Quick, bauch, they appeared totally to forget that quick!" cried Studeley; " the trained bands the night was come on which, according to are up, and we'll have sharp work anon.' rumour, the 'Prentices were to rise against Again they raised a frantie yell
, and clashed the foreigners; and it was not until the vast their cleavers furiously together. The sound multitude arrived that they considered the of the approaching troop grew nearer and peril of their situation. Filled with dismay, more near, and a company of the trained they fled up the wide oaken stairs to a small
chamber, the most secret in the dwelling,
bands soon appeared.
MICHAEL DE LA POLE.
constructed in the thickness of the wall, so “let the gallows'-birds be roasted in their that it would for a considerable period, if nests, and basted with rials and broad not entirely, baffle pursuit. Colner was pieces.” the last that entered, and he alone it was Scarce had he offered this gentle suggestion that quailed not at the yells of the mob ere the objects of it had gained the roof, without. The room was of small dimen- and were gazing cautiously down into the sions, secured by bolts and chains, and street. A vast multitude of human heads defended by a strong barrier of iron, after occupied the space before the dwelling, wild the fashion of a portcullis ; a trap, more- and furious, armed to the teeth-a formidable over, led out upon the roof, which, com array. Secreting themselves on the roof of municating with the adjoining dwellings, a neighbouring house, Mutas and his friends afforded means of escape.
awaited the result. In a short time the “Now we are safe from danger," cried devouring flames burst forth from every Serivener, as he locked and double-locked window; a bright, ruddy glare illuminated the door.
the scene, exhibiting in the strong light “But my gold !” shrieked Mutas, “my the beautiful architecture of the church, gold! 'Tis in the lower chambers, and all and the lofty shaft decked for the morrow's will be lost!"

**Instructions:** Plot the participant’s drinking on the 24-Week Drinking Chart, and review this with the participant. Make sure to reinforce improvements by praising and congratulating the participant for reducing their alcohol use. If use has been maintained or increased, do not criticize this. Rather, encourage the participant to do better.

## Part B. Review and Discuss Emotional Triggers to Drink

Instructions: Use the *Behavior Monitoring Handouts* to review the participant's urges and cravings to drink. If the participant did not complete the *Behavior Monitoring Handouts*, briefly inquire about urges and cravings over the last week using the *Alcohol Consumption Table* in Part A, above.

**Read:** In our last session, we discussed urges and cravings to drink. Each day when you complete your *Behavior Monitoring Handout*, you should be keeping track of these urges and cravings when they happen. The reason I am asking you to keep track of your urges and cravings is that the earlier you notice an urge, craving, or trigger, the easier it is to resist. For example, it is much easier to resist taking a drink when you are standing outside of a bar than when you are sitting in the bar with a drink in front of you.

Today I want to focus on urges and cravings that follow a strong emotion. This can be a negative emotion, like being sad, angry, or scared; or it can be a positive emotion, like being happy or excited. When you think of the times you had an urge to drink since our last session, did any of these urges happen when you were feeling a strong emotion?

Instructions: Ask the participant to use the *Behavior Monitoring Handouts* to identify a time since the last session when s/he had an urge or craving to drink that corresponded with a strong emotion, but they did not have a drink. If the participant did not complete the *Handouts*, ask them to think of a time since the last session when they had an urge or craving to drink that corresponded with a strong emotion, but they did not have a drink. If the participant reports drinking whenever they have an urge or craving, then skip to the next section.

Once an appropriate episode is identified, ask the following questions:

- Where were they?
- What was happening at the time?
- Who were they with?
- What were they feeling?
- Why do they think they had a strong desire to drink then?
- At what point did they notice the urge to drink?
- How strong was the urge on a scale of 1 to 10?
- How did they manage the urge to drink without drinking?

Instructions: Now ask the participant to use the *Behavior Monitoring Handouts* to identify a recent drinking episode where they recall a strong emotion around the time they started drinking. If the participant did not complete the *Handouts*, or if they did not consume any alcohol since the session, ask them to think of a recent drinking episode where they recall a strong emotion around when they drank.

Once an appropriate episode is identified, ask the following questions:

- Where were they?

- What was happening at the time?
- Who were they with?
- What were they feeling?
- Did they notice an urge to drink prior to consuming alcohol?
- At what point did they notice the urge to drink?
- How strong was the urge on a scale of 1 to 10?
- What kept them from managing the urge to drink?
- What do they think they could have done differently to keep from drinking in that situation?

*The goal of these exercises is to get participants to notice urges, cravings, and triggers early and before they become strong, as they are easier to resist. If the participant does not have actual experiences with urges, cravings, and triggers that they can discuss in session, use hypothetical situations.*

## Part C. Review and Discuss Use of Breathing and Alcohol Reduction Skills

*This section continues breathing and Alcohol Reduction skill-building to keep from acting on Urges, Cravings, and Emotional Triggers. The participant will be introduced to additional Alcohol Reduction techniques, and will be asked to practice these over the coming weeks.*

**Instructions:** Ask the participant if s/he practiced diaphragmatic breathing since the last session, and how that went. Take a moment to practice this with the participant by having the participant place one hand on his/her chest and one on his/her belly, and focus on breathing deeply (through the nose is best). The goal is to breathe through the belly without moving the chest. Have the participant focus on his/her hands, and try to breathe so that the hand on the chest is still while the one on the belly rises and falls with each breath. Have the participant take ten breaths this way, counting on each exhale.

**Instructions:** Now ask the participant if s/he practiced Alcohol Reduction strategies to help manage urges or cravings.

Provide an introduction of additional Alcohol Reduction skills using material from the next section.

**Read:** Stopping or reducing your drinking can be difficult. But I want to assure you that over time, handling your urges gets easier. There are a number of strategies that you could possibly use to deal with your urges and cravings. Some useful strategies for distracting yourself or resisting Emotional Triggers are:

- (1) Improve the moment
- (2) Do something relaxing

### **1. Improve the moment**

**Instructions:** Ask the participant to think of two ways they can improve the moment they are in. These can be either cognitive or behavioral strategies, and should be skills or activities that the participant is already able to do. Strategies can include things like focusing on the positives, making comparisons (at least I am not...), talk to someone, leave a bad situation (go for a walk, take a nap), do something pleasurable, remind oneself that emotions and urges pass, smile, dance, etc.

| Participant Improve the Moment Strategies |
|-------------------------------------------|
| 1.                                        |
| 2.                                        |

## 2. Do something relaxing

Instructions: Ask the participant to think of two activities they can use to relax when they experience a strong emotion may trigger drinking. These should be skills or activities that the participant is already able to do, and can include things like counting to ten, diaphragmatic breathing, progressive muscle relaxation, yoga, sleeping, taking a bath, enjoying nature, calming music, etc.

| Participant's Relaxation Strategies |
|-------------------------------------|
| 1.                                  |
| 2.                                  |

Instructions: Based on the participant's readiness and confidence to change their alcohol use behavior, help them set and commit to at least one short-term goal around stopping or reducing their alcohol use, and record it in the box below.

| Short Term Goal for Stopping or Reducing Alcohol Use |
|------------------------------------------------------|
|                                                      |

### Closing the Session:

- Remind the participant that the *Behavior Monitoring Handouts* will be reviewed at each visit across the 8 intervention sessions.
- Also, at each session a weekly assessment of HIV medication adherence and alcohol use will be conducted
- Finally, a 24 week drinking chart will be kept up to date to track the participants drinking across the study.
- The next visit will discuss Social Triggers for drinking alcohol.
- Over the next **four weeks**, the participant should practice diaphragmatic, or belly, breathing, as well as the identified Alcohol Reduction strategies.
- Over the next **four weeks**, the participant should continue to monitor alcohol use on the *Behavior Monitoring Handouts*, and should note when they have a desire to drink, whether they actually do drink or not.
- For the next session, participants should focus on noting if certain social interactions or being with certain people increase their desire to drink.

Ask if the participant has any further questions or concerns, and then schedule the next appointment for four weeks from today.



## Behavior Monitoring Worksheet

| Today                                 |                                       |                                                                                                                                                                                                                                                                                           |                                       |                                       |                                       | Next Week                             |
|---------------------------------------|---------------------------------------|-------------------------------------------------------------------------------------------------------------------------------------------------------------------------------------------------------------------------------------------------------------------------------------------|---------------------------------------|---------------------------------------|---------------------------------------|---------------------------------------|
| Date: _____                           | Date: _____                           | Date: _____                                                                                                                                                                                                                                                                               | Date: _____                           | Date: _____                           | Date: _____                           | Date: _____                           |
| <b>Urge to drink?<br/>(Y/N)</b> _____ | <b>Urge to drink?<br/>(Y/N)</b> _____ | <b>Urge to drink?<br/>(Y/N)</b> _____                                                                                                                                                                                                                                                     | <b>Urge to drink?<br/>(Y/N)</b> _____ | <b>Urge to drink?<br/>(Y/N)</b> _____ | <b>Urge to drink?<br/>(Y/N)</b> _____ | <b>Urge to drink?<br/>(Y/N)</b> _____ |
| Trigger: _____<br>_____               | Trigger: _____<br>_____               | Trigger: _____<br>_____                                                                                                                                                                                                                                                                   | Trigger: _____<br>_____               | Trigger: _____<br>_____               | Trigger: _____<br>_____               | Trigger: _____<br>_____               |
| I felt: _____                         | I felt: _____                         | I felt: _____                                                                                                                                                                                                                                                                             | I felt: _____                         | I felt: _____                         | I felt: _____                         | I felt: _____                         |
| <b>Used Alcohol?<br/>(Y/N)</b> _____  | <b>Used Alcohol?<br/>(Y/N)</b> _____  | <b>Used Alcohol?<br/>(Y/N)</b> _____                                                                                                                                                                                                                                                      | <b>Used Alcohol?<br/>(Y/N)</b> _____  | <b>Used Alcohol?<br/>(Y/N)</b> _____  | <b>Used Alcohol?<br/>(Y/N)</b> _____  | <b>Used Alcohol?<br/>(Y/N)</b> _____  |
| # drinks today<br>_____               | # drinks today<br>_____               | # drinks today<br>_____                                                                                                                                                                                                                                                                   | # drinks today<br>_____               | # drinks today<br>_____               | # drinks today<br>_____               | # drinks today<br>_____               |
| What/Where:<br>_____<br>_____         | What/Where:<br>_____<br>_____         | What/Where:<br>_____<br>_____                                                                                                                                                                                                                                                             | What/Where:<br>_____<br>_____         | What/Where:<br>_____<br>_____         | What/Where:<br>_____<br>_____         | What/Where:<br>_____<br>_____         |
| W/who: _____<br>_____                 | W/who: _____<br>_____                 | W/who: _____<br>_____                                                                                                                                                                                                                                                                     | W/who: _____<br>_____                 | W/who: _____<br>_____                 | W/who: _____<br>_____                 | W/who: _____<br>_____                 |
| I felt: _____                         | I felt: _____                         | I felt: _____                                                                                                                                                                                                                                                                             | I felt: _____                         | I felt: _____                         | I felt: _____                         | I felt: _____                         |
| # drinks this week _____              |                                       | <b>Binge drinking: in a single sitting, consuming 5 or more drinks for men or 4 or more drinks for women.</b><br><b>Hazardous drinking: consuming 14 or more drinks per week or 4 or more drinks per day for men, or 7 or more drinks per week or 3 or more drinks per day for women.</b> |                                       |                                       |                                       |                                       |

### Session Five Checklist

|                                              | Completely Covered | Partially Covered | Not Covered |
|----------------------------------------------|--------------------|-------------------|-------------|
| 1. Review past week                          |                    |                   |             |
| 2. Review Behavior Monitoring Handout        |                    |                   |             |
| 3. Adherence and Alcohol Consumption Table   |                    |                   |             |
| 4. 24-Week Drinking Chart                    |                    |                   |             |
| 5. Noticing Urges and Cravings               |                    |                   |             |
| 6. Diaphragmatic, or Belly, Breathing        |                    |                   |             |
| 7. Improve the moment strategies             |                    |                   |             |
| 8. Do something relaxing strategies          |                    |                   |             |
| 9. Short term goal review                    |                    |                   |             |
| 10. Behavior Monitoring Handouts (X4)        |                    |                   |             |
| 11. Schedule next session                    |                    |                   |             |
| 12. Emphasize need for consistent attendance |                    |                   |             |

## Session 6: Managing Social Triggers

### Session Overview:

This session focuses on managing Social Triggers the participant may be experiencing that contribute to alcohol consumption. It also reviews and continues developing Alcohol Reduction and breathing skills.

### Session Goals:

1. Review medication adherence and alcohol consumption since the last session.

festival, Thick volumes of smoke arose, Nay," quoth the Verger, with philo- then came a dreadful crash, a bright and sophical calmness, for he had no gold to spiral flame leapt into the air. lose, “repine not for the yellow dross; con. sider the peril we have escaped of being butchered by the raging multitude, and be
CHAPTER XVI. thankful.”
“What is life without gold?” cried Mutas. “What should I be but a despised wreck if The house of Michael de la Pole, though it was not for my gold ?”
situated in Eastchepe, was yet a noble At that instant a shout of triumph was structure, with a court-yard, porter's lodge, raised by the mob, then suddenly all was and gate towards the street, flanked by quiet; then came the tramp of many feet; towers. then it again was hushed. A crash suc- Now the worshipful occupier of these ceeded, followed by the rush of many feet premises being considered of great impor. and clashing weapons, for the rioters had tance, a body of carbineers and mounted entered the dwelling.
arquebusiers were despatched to the build. “ Butcher the dogs !” cried one. “Down ing at the first assembling of the city trained with the locusts !” shouted another. "Here's bands. gold enow for all!” cried a third. · Mass, On their way thither they encountered I'll slit their throats for them!” roared the Spanish knight, returning in haste from the slaughterman. "Kill the rogues !” | the banquet at the house of Sir Henry “ Down-down with the Flemings, Lom. Keble, and taking the command of the bards, and Spaniards—down with the rats! party, he returned to his mansion in the Butcher the thieves—on, on!”
Eastcheap. · Follow, follow !” shrieked Studeley ; The arquebusiers were placed so as to sur. “I'll show you where the knaves have hid !” round the building; the carbineers were and he led the way up the broad oaken drawn out in the court-yard with two pon. stairs, followed by the mob.
derous calivers; whilst every window, The heavy tramp of feet drew nearer and loophole, and opening of every kind were more near, and then the blows from axes defended by the domestics, and some fow and hammers resounded on the door : it Spanish sold who continued with their soon gave way, but the iron curtain still re- lord. Thus was the mansion defended, and mained.